Your feet should hit the floor together the instant the bar lands above the sternum. The rearward leg may be slightly bent but it must be rigid. The knee must not touch the floor.

The forward leg should appear as in Fig. 5 when the feet touch the floor. Whether you split the right or the left foot forward is immaterial; whichever comes naturally to you is the proper way.

The moment the bar has settled on the chest and there is no chance of it falling forward, come to the erect position (Fig. 6). If you are perfectly balanced in the full split come erect by pushing the forward leg until it is almost straight, bringing it back to the starting position. Then bring the rearward leg up in line with the forward foot. If the weight is very heavy it may be necessary to bring the feet together in several movements and this is acceptable.

Stand in the erect position (Fig 6) until steady, taking as much of the weight of the bar on the chest and shoulders as possible. Buy thrusting the elbows high the bar will rest against the sternum and both shoulders. This is a solid position from which to jerk. Avoid taking all the weight on the hands. Many topnotch lifters emphasize this point by allowing the bar to roll back to the fingertips; the entire weight being supported between shoulders and sternum, for the impetus of the jerk comes from the legs through the body. The bar must have a firm foundation for the overhead jerk.

Take a slight dip of not more than 4 inches (Fig. 7). That is all that is needed. It is the sudden upward speed of the jerk that shoots the weight overhead, not a slow, deep dip. Straighten out the legs as fast as possible (Fig. 8) as if you were going to jump and heave the barbell up.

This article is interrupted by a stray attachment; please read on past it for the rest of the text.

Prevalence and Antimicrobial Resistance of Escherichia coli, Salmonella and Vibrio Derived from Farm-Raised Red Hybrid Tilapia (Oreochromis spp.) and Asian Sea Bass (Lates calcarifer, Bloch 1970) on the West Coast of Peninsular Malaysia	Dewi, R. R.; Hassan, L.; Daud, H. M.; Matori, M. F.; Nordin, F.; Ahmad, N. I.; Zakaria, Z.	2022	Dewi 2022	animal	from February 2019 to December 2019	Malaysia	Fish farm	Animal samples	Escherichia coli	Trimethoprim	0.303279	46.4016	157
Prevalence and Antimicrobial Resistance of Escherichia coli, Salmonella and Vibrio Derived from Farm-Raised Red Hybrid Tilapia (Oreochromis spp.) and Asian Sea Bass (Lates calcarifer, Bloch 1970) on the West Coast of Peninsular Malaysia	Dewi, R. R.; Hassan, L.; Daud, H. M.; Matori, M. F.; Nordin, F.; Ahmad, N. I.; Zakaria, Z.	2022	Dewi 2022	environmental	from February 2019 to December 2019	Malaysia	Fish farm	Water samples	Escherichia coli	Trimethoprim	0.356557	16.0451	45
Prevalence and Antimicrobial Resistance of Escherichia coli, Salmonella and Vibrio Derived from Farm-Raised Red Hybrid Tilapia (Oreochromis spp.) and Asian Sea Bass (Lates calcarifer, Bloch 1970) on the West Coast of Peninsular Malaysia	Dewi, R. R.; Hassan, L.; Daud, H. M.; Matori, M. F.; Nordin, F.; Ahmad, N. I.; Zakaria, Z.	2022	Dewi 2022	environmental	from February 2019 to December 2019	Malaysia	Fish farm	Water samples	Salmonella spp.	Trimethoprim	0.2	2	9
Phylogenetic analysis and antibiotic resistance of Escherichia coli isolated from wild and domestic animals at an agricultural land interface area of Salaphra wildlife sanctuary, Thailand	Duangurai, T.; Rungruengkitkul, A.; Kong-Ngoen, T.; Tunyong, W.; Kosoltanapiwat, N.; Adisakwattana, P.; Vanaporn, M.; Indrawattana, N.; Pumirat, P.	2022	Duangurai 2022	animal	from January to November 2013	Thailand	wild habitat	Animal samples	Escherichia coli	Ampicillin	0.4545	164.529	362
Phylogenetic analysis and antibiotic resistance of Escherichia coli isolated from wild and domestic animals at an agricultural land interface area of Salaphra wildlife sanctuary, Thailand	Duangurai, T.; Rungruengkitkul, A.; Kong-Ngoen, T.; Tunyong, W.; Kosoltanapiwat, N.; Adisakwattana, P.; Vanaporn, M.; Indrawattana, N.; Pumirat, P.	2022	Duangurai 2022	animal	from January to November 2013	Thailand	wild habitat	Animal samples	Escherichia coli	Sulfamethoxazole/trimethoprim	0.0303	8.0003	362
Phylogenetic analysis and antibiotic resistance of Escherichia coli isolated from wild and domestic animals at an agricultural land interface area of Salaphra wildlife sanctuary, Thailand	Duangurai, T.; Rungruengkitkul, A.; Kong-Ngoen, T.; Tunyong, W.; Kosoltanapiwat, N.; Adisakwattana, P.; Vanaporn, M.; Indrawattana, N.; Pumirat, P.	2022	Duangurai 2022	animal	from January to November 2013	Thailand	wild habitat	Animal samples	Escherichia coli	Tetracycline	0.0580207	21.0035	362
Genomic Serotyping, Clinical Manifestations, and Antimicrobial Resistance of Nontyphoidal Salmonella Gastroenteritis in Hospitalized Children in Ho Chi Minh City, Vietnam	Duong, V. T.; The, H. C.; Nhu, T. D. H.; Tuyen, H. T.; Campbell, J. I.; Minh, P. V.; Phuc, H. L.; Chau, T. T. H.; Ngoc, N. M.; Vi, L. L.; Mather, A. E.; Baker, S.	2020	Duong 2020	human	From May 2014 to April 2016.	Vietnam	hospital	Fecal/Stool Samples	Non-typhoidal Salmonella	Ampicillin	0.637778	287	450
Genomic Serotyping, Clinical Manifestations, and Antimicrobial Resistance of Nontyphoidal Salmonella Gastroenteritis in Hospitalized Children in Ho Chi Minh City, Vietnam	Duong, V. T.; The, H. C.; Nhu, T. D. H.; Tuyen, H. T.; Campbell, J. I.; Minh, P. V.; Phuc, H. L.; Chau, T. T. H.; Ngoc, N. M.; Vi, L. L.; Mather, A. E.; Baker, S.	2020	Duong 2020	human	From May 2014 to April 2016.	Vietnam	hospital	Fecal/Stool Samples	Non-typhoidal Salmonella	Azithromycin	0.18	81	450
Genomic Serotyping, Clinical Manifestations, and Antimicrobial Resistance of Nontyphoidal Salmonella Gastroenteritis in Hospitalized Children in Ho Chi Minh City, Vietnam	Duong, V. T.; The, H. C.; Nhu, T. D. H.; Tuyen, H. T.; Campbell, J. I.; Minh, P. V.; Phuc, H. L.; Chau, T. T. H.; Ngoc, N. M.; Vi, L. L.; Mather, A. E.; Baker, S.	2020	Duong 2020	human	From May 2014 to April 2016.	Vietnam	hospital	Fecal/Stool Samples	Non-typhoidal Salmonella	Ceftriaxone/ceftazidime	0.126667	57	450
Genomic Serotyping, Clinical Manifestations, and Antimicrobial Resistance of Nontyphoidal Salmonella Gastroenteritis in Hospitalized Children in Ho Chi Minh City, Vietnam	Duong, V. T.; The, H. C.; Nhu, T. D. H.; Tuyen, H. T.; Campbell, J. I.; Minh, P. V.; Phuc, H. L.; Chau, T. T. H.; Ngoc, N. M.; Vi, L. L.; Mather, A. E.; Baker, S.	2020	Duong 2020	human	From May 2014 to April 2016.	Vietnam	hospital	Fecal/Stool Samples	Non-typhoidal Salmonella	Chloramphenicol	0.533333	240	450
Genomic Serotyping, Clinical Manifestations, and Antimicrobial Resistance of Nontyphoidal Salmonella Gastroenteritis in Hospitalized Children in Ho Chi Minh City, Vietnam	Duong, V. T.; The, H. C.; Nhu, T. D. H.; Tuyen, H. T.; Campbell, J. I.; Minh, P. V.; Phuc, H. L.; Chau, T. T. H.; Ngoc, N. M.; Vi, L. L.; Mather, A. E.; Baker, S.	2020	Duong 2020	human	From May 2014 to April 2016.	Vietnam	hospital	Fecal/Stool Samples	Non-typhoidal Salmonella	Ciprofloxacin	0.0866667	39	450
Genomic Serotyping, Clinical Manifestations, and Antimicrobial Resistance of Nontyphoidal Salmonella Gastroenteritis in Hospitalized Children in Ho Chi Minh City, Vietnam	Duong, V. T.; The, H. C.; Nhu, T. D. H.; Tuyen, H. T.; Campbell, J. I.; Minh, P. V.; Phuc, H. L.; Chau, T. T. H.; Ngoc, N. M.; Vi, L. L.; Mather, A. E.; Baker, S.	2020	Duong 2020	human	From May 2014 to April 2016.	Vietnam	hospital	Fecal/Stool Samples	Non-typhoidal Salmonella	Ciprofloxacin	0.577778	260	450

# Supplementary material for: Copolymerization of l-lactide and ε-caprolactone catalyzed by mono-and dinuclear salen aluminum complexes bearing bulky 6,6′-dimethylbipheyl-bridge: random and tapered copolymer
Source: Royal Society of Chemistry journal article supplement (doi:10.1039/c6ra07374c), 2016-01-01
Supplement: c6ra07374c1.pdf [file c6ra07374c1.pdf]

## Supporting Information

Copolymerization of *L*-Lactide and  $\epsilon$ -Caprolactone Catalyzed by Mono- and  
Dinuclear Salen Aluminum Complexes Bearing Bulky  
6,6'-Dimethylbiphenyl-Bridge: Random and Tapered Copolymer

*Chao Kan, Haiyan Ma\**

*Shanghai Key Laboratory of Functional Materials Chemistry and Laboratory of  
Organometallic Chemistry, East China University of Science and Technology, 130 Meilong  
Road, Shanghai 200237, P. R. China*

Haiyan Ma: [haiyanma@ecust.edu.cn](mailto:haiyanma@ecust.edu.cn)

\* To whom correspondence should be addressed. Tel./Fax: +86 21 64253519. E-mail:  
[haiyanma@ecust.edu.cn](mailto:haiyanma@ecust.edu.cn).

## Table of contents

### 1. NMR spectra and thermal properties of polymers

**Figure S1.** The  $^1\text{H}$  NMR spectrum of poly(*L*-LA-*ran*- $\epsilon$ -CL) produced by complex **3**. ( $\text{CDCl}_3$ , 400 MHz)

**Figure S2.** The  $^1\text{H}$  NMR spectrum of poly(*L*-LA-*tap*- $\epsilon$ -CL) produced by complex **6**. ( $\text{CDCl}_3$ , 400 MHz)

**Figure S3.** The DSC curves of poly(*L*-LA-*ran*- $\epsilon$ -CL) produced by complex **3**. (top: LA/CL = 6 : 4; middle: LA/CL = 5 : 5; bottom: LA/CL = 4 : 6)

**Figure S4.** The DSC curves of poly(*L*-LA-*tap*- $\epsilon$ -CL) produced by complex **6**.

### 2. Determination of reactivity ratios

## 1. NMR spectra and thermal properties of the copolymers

You can heave the barbell only so high and the instant it has reached its greatest height split the feet fore and aft (Fig. 9) just as you did in the Clean except that you will not have to split as wide (Fig. 10). You split only low enough to lock the arms. The arms should be locked the instant the feet touch the floor. If they don't you will be forced to press the barbell into arm lock and when it gets very heavy this is difficult unless you are a phenomenal presser. Better to have your timing perfect so that the elbows straighten and lock the arms the instant your feet touch the floor.

Make certain the bar is locked safely overhead and you are balanced (neither too far forward or too far backward) then come to the erect position (Fig. 11). Bring the forward foot up first then the rearward. More than one movement may be taken if necessary.

The barbell must be held motionless at arms' length overhead for a minimum of two seconds before being lowered to the chest and then to the floor.

If you are a fairly strong overhead presser (can press more than 50% over bodyweight) you should, after some time, be about to jerk about 1.25 times what you can press. If your Press is better than 50% over bodyweight you should Clean & Jerk about 1.20 times that amount. If you are a weaker presser (about 25% or less over bodyweight) you might Clean & Jerk 1.5 times what you can press.

Bodybuilders should experiment with doing the Clean & Jerk at least once a week, even if it is only for the satisfaction of knowing how much they can lift to arms' length overhead. The body strength and mental confidence you acquire will be well worth the time put in.